Common mineral deficiencies
Magnesium is involved in hundreds of biochemical reactions in your body. This mineral is like a helper that ensures each cell in your body is functioning optimally. For example, your body can convert food into energy, but the process becomes more efficient when magnesium helps the hormone insulin bring sugars into the cells. Healthy magnesium stores can prevent your muscles from cramping or becoming sore after a workout. Even your mood and sleep can improve when you have adequate levels of magnesium in your body.
However, many Canadians are not getting the magnesium they need to stay healthy. Why? It all starts with the soil. The amount of magnesium in today’s soil is drastically lower than pre-industrialized levels. Modern farming practices such as monocultures, heavy use of pesticides and chemical fertilizers all disrupt magnesium availability in plants.
Since magnesium deficiency starts at the soil quality, the foods we eat do not contain the amount of magnesium we need to thrive. Because of this, most people can benefit from increasing magnesium stores through supplementation.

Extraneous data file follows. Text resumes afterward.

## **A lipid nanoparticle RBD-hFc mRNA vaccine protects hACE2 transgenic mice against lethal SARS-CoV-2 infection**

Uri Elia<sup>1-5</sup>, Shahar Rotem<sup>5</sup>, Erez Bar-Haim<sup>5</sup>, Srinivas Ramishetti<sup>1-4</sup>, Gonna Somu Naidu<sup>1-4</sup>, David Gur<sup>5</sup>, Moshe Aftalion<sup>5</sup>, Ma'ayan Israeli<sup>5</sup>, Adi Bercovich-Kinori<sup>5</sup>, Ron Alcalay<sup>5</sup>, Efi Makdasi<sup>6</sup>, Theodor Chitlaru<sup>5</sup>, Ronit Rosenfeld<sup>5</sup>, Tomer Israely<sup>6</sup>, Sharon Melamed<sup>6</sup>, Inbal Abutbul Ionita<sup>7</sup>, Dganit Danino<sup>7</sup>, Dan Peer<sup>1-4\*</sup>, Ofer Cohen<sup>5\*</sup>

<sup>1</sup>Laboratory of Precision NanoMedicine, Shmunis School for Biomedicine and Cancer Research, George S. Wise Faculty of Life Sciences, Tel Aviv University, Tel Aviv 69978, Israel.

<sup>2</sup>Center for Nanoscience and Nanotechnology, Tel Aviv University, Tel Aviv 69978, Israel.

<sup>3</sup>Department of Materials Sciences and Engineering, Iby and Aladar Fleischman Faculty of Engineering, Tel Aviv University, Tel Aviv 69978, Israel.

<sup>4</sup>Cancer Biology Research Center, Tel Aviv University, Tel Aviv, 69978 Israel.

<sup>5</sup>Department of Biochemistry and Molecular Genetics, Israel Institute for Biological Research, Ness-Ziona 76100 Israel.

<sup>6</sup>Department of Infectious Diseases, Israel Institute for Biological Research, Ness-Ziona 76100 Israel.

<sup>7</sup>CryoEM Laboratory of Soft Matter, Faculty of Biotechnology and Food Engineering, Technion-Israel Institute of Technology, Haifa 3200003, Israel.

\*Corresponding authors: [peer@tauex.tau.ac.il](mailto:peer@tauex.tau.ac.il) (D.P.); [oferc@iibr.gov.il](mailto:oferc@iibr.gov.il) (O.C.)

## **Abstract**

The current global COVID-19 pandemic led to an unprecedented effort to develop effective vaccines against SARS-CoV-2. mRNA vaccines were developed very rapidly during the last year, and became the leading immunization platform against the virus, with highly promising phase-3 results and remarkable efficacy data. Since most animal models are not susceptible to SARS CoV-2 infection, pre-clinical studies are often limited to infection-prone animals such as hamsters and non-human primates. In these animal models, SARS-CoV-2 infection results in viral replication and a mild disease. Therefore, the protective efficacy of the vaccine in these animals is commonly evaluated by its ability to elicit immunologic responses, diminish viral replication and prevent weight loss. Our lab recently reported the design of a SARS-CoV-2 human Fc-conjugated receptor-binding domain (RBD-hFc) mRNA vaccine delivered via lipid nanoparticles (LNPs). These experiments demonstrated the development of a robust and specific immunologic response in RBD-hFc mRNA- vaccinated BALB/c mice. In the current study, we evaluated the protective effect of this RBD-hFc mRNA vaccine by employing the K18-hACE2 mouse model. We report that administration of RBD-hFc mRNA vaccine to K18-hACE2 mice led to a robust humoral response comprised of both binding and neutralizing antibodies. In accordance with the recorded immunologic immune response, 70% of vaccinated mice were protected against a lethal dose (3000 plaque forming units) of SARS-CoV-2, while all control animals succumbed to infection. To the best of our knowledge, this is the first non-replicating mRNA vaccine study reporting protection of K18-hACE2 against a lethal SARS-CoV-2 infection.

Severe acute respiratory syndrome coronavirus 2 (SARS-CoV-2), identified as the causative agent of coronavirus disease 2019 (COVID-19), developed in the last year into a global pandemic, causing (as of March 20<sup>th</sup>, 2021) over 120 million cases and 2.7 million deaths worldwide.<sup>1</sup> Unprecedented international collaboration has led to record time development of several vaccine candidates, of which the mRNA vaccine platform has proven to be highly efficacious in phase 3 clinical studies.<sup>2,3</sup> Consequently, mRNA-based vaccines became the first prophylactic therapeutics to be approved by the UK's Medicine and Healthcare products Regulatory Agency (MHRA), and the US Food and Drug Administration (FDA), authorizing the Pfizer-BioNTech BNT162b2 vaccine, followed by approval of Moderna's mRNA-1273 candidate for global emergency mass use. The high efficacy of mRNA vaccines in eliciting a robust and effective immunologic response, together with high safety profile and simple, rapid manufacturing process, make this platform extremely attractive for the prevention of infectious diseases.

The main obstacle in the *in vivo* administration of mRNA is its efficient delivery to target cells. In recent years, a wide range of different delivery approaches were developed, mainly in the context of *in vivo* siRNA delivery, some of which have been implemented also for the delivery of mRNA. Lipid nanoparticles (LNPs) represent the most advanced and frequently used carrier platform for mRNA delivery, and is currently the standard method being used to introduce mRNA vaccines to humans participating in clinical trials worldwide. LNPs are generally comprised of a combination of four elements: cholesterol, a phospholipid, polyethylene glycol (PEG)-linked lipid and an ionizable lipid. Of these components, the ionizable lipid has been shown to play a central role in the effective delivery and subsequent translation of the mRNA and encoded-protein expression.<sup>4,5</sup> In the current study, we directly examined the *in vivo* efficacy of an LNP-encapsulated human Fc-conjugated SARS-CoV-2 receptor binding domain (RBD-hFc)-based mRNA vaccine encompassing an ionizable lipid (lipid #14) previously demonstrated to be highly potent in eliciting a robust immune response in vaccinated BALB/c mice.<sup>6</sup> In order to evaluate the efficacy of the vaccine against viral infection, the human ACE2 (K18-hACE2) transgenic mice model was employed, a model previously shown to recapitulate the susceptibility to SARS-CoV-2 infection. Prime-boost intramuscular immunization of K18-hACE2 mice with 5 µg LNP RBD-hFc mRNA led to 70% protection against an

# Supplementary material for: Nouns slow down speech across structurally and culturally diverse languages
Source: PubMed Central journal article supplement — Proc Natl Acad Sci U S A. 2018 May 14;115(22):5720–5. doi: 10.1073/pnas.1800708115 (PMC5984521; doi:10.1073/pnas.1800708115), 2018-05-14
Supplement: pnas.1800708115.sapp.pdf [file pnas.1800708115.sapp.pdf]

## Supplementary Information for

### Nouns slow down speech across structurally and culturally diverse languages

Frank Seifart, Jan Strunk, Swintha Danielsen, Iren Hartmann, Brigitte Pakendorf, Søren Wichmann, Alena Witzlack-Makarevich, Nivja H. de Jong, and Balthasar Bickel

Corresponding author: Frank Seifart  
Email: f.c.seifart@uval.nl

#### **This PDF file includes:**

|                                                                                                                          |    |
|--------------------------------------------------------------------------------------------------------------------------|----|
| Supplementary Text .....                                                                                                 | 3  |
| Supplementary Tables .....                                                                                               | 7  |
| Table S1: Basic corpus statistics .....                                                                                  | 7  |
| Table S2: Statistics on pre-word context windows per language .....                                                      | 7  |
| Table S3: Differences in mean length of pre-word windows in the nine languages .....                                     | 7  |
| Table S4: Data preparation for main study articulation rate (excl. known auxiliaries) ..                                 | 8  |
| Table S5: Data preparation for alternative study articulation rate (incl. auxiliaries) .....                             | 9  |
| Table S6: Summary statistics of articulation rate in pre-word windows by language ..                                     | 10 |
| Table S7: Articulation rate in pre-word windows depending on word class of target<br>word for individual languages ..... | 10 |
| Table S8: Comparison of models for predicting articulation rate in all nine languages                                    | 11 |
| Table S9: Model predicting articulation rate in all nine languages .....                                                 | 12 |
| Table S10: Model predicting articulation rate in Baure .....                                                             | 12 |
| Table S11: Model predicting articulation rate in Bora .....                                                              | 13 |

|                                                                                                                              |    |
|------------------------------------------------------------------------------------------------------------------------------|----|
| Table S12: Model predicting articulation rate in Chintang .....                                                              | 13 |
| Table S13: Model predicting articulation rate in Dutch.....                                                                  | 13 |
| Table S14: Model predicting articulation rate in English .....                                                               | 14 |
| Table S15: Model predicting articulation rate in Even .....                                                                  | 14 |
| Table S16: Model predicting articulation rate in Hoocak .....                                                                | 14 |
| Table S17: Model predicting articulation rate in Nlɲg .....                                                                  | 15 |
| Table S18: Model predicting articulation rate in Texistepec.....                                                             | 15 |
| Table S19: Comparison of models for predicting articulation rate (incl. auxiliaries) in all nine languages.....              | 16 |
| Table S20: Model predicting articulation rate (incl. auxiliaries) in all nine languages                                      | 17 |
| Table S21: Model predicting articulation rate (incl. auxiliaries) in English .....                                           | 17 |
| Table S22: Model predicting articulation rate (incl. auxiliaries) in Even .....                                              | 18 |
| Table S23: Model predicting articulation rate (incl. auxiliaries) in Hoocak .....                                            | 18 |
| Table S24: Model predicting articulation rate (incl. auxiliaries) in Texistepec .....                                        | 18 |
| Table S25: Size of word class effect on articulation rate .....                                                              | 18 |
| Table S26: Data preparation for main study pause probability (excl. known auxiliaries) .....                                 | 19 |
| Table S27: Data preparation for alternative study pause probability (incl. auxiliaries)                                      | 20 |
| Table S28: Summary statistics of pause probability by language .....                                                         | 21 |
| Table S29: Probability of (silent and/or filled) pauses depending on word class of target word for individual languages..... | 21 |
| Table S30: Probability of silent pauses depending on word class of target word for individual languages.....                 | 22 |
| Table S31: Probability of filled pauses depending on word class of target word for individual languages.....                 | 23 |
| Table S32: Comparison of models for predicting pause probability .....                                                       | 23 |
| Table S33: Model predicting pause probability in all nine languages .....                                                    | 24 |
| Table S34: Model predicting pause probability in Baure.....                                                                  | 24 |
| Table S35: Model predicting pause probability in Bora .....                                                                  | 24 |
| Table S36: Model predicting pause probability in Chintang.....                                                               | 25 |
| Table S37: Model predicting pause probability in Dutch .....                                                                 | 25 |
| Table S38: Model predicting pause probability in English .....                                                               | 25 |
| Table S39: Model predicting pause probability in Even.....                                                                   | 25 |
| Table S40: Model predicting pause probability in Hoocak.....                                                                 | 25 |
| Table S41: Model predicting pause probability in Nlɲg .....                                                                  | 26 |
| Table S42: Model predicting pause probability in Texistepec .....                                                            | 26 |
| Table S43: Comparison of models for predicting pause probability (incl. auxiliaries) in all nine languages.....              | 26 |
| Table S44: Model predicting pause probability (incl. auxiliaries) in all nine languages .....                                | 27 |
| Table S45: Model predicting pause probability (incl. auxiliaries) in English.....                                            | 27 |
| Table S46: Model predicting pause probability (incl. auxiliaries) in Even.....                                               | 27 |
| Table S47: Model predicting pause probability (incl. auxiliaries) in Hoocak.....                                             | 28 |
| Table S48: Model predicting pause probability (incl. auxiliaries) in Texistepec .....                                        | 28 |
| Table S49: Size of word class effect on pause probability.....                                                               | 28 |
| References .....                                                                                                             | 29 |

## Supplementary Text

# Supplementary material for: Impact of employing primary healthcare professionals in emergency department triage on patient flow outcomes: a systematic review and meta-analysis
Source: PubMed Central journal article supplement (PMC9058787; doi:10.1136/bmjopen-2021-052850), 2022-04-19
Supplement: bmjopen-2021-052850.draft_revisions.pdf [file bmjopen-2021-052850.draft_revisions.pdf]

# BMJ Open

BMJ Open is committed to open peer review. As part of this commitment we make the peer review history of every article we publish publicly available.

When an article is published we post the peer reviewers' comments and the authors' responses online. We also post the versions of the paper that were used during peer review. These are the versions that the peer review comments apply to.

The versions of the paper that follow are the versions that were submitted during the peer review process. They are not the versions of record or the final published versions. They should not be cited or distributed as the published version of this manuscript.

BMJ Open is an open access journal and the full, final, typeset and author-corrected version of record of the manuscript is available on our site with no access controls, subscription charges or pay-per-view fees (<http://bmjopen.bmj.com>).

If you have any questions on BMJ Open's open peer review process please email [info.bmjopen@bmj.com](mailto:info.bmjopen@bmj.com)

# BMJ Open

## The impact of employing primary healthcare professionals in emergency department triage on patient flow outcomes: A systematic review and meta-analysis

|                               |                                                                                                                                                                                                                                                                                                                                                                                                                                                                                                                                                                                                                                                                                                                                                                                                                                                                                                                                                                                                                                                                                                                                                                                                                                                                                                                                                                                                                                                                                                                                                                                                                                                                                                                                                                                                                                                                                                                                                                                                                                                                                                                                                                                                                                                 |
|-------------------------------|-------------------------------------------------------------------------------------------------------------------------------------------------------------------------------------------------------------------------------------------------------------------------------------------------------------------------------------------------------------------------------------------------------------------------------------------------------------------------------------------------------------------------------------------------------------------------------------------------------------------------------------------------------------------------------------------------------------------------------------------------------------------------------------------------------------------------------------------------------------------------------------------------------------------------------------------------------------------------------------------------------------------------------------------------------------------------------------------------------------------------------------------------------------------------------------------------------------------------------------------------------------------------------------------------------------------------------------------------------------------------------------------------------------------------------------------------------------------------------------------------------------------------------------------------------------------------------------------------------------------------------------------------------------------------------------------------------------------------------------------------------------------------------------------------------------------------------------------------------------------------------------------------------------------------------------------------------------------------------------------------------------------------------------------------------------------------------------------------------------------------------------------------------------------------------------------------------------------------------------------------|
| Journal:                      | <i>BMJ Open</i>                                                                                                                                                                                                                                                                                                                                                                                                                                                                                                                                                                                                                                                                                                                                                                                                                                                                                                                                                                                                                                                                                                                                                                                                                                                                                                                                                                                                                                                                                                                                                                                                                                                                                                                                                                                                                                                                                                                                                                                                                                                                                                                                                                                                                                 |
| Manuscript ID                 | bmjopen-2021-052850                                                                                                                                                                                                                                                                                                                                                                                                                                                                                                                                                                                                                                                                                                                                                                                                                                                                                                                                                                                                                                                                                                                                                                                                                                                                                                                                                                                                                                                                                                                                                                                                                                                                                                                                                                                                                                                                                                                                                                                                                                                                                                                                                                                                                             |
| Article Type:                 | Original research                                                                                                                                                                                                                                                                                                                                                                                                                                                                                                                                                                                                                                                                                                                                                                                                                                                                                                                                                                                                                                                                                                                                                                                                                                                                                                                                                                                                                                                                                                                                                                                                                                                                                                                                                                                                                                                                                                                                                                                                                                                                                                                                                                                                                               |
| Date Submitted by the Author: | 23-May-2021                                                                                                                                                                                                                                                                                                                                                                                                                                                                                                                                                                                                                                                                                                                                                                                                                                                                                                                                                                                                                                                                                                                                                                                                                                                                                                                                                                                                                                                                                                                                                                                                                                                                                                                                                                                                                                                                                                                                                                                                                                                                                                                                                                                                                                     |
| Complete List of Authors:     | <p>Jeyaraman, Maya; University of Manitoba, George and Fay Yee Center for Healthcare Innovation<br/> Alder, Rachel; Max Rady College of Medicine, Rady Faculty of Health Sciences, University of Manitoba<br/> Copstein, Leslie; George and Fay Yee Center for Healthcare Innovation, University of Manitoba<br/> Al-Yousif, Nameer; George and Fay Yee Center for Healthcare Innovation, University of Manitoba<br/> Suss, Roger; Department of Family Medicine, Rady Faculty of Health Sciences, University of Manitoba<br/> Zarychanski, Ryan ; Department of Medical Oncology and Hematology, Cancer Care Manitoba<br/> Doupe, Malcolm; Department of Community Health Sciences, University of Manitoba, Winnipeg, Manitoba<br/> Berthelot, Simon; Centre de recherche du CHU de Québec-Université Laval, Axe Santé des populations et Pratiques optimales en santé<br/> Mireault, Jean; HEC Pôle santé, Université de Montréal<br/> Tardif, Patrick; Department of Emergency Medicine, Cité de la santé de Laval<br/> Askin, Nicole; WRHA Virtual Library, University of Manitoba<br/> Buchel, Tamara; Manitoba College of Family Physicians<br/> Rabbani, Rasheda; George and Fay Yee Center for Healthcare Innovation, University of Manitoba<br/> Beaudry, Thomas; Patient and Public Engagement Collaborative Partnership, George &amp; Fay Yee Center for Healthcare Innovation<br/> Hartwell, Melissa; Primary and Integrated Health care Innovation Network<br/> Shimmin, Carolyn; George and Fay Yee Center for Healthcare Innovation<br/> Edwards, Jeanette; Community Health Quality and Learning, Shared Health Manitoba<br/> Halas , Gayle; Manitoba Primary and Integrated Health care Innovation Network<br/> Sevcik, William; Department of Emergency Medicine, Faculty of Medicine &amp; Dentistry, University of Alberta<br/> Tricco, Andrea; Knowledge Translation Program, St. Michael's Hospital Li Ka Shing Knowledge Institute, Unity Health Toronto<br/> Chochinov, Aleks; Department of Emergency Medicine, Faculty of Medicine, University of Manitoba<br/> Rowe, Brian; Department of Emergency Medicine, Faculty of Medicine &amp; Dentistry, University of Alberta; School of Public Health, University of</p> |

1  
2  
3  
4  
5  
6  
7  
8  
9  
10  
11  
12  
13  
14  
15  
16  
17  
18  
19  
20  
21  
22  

- Leafy greens
- Pumpkin seeds
RDA: 310-400mg/day for adults 18+
Iron makes up the bulk of your blood. Healthy blood should be a bright red colour, due to the presence of iron in the red blood cells. Each cell relies on iron to transport oxygen between the tissues and the lungs – it is the life force of every cell!
The most common cause of iron deficiency is blood loss. For menstruating women, it is no surprise that their iron requirements are higher, as they lose blood every month. Men and women can also lose blood through gastrointestinal conditions such as Crohn’s and Colitis, in which bleeding occurs due to inflammation in the digestive tract.